Overheating in Homes - the big picture
Zero Carbon Hub investigates why overheating in homes happens and how local and national government can help the housing sector prevent the issue getting worse
Report from – Rob Pannell
As temperatures soar across the country these questions are being considered by the Zero Carbon Hub in a project which is investigating what changes to government and industry policies and frameworks could be needed to tackle the issue. Our preliminary report “Overheating in Homes – the Big Picture” was published on 16 June 2015.
Overheating, in this context, is the term used to describe situations where the conditions in a building become uncomfortably warm or excessively hot, because the design of the building hampers the occupant’s ability to keep it sufficiently cool.
Why the concern about overheating?
With expected increases in the number of unusually hot summers as the climate changes, more frequent and intense heatwaves, and continuing construction in dense cities, it will be even more important to consider ways to ensure our homes remain at comfortable temperatures all year round, without automatically resorting to energy-using cooling systems.
Although action is being taken to tackle this issue, it is clear that overheating in homes is already happening – potentially in up to 20% of the housing stock in England.
Exposure to excess heat in homes can have serious consequences for the health of the people living there, especially if high temperatures persist over prolonged periods. In extreme cases, there can be a risk to life for vulnerable groups such as the elderly or sick. The elderly are usually less able to adapt to higher temperatures, and may also live alone and not seek help quickly enough if feeling unwell.
Fortunately, homes which are overheating – however mildly or severely – tend to have recognised combinations of risk factors. An obvious example is when a dwelling’s windows, intended to provide ventilation and to purge hot air, open onto a noisy main road, and so are rarely used by the occupants. By understanding the range of risk factors, designers, housing providers and retrofitters can use this knowledge to target overheating mitigation efforts to the homes and people which most need them.
Simple changes to the design of dwellings, measures to reduce heat gains, and advice for occupants can help to prevent the problem occurring. Certain measures and solutions can also create win-wins by simultaneously making homes more energy efficient and helping to keep them cool. For example, low energy lighting reduces energy use and should also lower the level of internal heat gains.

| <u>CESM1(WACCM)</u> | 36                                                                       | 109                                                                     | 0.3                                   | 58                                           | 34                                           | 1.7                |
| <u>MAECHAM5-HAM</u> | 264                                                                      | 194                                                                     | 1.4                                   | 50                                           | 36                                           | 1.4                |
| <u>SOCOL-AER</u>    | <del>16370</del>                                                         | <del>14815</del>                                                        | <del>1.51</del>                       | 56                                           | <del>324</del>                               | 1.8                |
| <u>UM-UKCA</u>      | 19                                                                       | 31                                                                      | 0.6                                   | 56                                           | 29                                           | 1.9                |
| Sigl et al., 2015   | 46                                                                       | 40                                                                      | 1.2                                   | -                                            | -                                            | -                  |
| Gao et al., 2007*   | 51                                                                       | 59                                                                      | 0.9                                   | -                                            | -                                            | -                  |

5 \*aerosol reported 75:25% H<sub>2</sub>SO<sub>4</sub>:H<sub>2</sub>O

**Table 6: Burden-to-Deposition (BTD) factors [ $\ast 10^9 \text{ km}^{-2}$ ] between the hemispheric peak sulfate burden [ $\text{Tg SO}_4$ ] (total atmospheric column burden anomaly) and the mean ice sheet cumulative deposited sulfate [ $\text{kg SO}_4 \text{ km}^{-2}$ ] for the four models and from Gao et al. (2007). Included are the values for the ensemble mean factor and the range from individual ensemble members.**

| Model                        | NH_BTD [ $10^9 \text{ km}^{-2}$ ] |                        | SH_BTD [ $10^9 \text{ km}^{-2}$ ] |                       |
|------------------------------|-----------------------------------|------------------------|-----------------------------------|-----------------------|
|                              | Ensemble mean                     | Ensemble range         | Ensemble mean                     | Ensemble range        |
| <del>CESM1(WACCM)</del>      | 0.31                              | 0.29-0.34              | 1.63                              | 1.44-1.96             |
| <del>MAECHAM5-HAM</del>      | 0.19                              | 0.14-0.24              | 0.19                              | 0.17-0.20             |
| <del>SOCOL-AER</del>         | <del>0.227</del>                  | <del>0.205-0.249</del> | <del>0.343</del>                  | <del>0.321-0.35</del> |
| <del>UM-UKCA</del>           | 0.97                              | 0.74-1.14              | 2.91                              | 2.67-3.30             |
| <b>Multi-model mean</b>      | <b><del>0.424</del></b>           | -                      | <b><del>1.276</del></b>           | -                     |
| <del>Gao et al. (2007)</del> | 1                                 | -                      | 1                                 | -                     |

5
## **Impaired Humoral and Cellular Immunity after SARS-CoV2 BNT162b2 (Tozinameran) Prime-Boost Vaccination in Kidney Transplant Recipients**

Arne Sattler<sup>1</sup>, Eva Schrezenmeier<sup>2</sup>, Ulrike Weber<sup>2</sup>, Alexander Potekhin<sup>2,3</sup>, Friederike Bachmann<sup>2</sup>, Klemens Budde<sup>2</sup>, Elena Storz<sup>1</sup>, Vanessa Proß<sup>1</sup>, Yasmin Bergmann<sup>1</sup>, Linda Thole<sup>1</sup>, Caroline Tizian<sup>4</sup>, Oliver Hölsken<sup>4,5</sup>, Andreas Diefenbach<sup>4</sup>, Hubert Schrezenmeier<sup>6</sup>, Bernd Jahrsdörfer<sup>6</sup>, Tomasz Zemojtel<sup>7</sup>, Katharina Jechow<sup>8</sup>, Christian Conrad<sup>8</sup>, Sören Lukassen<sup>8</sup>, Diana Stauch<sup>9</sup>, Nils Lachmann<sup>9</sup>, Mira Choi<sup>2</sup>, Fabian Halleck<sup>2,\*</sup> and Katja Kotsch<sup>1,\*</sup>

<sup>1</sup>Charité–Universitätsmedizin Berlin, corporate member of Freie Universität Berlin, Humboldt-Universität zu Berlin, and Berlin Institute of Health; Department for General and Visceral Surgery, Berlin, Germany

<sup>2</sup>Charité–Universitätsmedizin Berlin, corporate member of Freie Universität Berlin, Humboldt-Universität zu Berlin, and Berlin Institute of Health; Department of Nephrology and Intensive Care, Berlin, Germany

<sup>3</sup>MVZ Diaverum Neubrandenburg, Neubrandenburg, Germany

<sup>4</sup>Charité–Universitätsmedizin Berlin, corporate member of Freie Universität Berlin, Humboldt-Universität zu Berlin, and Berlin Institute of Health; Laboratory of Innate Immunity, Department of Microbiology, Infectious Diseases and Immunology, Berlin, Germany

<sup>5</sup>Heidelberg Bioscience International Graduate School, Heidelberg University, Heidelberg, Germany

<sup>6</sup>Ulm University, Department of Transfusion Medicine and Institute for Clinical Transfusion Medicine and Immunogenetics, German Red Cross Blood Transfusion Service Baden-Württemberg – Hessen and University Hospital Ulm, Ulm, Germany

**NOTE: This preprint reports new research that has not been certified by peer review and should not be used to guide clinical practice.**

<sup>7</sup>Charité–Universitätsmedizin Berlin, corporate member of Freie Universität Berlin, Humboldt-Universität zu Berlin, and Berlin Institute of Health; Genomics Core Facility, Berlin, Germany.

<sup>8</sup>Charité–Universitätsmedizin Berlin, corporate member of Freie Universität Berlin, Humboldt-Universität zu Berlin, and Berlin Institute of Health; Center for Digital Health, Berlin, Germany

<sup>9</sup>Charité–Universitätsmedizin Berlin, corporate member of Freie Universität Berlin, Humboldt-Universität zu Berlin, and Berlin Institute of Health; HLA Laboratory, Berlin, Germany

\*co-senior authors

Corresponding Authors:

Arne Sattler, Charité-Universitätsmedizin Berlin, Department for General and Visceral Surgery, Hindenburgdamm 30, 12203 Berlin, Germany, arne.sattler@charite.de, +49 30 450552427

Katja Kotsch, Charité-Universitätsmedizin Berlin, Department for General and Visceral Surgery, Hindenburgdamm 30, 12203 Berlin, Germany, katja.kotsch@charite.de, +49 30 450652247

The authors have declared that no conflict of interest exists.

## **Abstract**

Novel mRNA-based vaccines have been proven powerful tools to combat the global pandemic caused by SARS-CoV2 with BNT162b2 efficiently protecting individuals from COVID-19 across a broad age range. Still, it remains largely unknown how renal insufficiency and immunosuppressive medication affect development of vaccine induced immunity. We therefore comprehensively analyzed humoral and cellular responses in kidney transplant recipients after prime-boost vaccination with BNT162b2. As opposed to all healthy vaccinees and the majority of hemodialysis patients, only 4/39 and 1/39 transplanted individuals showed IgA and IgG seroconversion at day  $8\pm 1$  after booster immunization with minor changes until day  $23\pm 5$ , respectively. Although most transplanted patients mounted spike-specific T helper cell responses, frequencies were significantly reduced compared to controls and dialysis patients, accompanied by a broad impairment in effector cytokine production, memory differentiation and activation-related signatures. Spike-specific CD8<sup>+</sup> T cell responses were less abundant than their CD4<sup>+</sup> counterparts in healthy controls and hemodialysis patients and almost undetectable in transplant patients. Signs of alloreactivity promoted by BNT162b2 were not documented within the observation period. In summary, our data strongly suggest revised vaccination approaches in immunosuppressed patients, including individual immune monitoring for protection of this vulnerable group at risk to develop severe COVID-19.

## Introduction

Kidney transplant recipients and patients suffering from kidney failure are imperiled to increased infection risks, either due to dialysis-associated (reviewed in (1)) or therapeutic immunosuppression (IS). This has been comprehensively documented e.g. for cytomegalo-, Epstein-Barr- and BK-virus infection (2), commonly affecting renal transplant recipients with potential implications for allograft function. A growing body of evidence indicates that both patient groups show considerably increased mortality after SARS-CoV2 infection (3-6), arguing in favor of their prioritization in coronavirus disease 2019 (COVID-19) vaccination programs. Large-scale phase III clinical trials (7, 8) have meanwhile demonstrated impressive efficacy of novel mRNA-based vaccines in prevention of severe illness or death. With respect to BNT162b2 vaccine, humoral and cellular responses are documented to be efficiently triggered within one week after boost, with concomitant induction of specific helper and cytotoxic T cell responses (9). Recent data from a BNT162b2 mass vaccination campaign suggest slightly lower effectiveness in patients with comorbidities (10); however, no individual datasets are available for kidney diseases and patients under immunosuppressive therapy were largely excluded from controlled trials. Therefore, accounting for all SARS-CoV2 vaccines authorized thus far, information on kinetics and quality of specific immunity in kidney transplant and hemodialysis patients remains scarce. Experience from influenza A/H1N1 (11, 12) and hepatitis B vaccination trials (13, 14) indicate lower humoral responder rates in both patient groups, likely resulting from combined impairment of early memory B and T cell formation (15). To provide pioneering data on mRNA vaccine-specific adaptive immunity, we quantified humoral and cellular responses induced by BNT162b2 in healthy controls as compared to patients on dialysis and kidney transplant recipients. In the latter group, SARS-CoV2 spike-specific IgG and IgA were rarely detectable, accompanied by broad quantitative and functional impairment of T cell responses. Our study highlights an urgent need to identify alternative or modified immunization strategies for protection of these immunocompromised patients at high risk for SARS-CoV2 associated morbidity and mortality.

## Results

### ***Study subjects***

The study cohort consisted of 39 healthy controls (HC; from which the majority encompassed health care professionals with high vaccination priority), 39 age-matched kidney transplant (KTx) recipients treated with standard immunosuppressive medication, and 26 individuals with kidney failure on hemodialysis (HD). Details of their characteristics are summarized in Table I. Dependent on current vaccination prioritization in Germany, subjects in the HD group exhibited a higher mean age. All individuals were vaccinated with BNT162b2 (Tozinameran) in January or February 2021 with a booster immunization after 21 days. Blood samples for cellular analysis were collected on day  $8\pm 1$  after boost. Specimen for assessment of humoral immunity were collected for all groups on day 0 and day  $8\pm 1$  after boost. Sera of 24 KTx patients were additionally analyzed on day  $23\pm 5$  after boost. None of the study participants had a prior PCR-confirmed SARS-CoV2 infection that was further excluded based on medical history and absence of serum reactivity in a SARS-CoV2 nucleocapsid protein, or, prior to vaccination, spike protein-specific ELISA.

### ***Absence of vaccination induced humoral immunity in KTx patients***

A key question is to what extent the housing sector is assessing the risk of their stock overheating and then treating the properties that need work?
For example, 59% of the 74 housing providers answering our survey reported having a form assessment process in place intended to identify properties at risk of overheating but 36% did not, and the remainder did not know.
A number of housing providers interviewed by the Zero Carbon Hub also described how their technical teams are using their experience and knowledge of overheating risk factors to identify properties or designs which have characteristics that make them more prone to overheating, before carrying out any formal risk assessment modeling exercises. A form of ‘first pass’.
These ‘higher risk’ properties are then subjected to detailed checks and, if found to fall short of the chosen overheating criteria, measures are installed or design changes made to reduce the potential for overheating.
Furthermore, the risk of overheating varies from building to building. Those which have a higher chance of overheating usually have recognisable risk factors, which mean the sector can be cautiously optimistic about being able to identify and treat them. The Zero Carbon Hub plans to take forward work this year with industry partners to pin down what these risk factors in simple guidance.
You can download the full report at www.zerocarbonhub.org. A second phase of the project to advise on the changes to frameworks will begin this summer. If you have any experiences you would like to share with them please contact firstname.lastname@example.org.
Rob Pannell, Managing Director of the Zero Carbon Hub, which will be speaking at Build4Quality, a one day conference about efficient construction of quality low carbon homes.